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The economic and environmental case for electric vehicles

Electricity generation comes from many energy sources, including fossil fuels such as natural gas and coal, nuclear energy, and a variety of renewable sources such as wind, solar, hydroelectric, and biomass. For the transportation sector, however, energy comes primarily from crude oil. In 2019, 91% of energy for the transportation sector came from crude oil with the bulk of the remainder coming from compressed natural gas (CNG) and ethanol. Of the two emerging transportation technologies, the electric vehicle (EV) made up less than 1% and the hydrogen-powered fuel cell vehicle (FCV) was two orders of magnitude below this.

Technically, EVs and FCVs are both electric vehicles. The EV is powered by electricity stored in a battery while an FCV is powered by a fuel cell, such that the electricity is generated from hydrogen. FCVs have the advantage of refueling times equivalent to an internal combustion engine (ICE) powered by gasoline, but suffer from lack of infrastructure, high fuel prices, and technical difficulties storing hydrogen onboard in a form other than high pressure hydrogen. As well, hydrogen has to be made by either reforming, gasification, or electrolysis. There are currently only 46 hydrogen fuel stations in the US, most of them in California versus more than 150,000 gasoline and diesel stations. And, while the Department of Energy models project around $4-6 per gallon of gasoline equivalent (gge, where 1 kg of hydrogen is equivalent in energy to 1 gallon of gasoline), real world numbers have been $15/gge.

Compared to an FCV, EVs provide a bridge between transportation and electricity, and there is already substantial infrastructure in the form of the electric grid to move electricity around the country. There are also advantages for the EV relative to an ICE in terms of fuel price and CO2emissions. For an ICE, the current CAFE (corporate average fuel economy) is about 25 mpg. This means that for a given automotive manufacturer, the vehicles in their fleet need to have an average fuel economy of 25 mpg. Using a typical pre-pandemic price for gasoline of $3/gallon, the cost per mile driven is $0.12. To calculate this for EVs, we first need the cost of a gge. Using an US average cost of about $0.11/kWh (kilowatt-hour) for electricity and recognizing that there are 33.4 kWh/gge, the price of electricity as a fuel is $3.67/gge. A typical fuel economy for EVs is 120 mpgge, or 3.6 miles/kWh, so the cost per mile driven for an EV is $0.03, ¼ of an ICE.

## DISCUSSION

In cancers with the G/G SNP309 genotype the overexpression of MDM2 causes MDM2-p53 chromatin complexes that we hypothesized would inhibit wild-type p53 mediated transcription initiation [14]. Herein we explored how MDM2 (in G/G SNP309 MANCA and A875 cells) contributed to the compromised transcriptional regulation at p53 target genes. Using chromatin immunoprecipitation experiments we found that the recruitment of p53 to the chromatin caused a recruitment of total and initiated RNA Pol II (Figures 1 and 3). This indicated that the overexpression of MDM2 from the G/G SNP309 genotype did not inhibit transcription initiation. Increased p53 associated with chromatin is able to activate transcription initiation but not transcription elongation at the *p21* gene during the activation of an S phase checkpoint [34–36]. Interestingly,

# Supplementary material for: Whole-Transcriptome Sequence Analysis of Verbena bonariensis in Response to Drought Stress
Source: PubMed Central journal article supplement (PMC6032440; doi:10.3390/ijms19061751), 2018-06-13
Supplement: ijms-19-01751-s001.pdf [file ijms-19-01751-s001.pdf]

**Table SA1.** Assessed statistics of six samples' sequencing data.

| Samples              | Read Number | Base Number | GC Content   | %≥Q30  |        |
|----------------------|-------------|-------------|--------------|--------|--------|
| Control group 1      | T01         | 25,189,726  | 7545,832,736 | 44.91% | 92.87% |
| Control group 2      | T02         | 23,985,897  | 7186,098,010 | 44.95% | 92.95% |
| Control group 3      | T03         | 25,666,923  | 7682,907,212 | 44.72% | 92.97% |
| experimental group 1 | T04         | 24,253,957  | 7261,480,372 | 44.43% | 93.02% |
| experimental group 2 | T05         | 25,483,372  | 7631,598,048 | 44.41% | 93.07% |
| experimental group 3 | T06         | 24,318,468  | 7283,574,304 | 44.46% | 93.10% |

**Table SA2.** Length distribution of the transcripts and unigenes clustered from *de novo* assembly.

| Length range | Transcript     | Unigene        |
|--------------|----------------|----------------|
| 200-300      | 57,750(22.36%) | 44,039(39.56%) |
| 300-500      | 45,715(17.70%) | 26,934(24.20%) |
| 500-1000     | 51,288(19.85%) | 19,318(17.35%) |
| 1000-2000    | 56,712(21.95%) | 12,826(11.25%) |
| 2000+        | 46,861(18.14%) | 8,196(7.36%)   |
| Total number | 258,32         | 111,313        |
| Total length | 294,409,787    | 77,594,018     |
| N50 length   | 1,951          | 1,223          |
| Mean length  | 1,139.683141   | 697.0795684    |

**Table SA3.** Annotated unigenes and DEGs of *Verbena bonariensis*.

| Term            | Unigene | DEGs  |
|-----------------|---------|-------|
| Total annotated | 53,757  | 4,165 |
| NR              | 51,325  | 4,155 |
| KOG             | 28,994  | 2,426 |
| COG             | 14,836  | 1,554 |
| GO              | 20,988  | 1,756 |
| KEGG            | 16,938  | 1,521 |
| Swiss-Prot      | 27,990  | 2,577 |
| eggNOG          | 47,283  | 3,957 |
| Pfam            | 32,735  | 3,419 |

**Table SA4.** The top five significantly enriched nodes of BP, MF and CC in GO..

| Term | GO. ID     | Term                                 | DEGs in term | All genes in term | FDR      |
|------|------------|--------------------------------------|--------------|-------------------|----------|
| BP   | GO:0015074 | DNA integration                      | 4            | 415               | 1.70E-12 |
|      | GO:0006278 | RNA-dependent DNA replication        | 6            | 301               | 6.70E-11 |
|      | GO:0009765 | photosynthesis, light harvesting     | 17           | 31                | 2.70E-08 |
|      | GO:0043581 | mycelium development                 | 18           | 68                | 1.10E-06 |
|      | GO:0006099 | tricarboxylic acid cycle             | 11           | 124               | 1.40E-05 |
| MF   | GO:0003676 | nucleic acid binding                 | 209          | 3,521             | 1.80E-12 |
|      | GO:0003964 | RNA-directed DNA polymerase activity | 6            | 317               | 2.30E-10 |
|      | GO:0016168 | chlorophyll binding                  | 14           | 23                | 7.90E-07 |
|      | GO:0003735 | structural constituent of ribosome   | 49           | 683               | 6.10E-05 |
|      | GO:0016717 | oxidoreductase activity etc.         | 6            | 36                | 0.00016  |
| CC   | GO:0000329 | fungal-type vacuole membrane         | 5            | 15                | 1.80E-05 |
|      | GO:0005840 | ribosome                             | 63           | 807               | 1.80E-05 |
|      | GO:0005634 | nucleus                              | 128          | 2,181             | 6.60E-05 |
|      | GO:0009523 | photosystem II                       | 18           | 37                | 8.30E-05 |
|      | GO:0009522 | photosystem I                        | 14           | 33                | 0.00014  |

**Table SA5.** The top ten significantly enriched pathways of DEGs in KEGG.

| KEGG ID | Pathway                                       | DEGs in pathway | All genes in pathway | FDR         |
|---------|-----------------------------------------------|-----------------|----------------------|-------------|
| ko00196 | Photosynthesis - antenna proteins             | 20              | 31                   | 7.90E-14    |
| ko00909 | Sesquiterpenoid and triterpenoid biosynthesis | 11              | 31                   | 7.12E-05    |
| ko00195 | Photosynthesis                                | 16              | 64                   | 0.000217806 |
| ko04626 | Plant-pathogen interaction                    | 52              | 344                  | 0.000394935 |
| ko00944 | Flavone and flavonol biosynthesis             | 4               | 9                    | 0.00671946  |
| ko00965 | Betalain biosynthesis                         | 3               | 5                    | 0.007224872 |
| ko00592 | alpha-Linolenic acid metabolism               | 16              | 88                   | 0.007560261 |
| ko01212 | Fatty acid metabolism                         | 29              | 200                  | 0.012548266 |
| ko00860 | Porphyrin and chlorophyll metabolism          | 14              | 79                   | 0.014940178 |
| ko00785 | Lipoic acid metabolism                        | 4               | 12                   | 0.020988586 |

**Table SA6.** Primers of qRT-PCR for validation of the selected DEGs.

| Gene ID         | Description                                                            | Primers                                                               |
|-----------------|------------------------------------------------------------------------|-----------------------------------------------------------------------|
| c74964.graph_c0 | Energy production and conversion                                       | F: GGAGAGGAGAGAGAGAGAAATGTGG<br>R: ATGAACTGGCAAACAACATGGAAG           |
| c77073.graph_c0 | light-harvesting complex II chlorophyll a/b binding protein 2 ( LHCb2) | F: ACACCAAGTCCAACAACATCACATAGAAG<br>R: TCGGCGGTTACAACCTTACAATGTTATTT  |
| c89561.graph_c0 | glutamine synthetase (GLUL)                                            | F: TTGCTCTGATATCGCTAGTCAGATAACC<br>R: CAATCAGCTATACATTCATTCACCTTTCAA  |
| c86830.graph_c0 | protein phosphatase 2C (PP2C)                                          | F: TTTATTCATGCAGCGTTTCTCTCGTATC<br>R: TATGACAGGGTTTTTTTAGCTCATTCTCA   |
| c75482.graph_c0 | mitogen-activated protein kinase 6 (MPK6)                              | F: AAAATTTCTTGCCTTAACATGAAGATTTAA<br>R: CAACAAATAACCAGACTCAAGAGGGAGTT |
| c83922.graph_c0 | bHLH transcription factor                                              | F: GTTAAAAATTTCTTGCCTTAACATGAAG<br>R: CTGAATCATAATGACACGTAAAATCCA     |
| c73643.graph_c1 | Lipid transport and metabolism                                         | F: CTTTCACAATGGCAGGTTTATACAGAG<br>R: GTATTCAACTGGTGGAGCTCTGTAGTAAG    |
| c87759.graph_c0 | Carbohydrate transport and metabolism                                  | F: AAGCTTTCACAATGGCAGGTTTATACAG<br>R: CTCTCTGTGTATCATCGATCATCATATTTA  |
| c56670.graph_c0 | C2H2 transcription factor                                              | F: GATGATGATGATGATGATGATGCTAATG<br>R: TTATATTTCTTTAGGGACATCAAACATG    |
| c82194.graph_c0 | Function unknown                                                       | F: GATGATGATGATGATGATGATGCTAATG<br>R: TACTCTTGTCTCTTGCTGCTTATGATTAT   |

The EV also has an advantage in CO2 emissions, an important factor since around 50% of all CO2 emissions in the US come from transportation. Although refineries do not currently capture and sequester CO2, only about 10% could be captured as the other 90% are emitted by the vehicle. Some methods have been examined to capture emissions from the vehicle tailpipe, but this is difficult, far from 100% effective, and would require transferring the CO2 from the vehicle to some processing facility. For an ICE, the total life cycle CO2 emissions are about 1 lb per mile driven, decreasing to about 0.6 lb per mile driven for a hybrid. A life cycle analysis considers CO2 made for all stages of the process including raw material processing, manufacturing, distribution, use, and final disposal. For EVs, CO2 emissions depend on the local fuel mix used to generate the electricity. Emissions can be as low as 0.2 lb per mile driven when the electricity comes from zero carbon sources or can increase to as much as a hybrid, if the electricity mix contains fossil fuel energy sources. In the case of zero carbon sources, the 0.2 lb CO2/mile production comes from vehicle and battery manufacturing.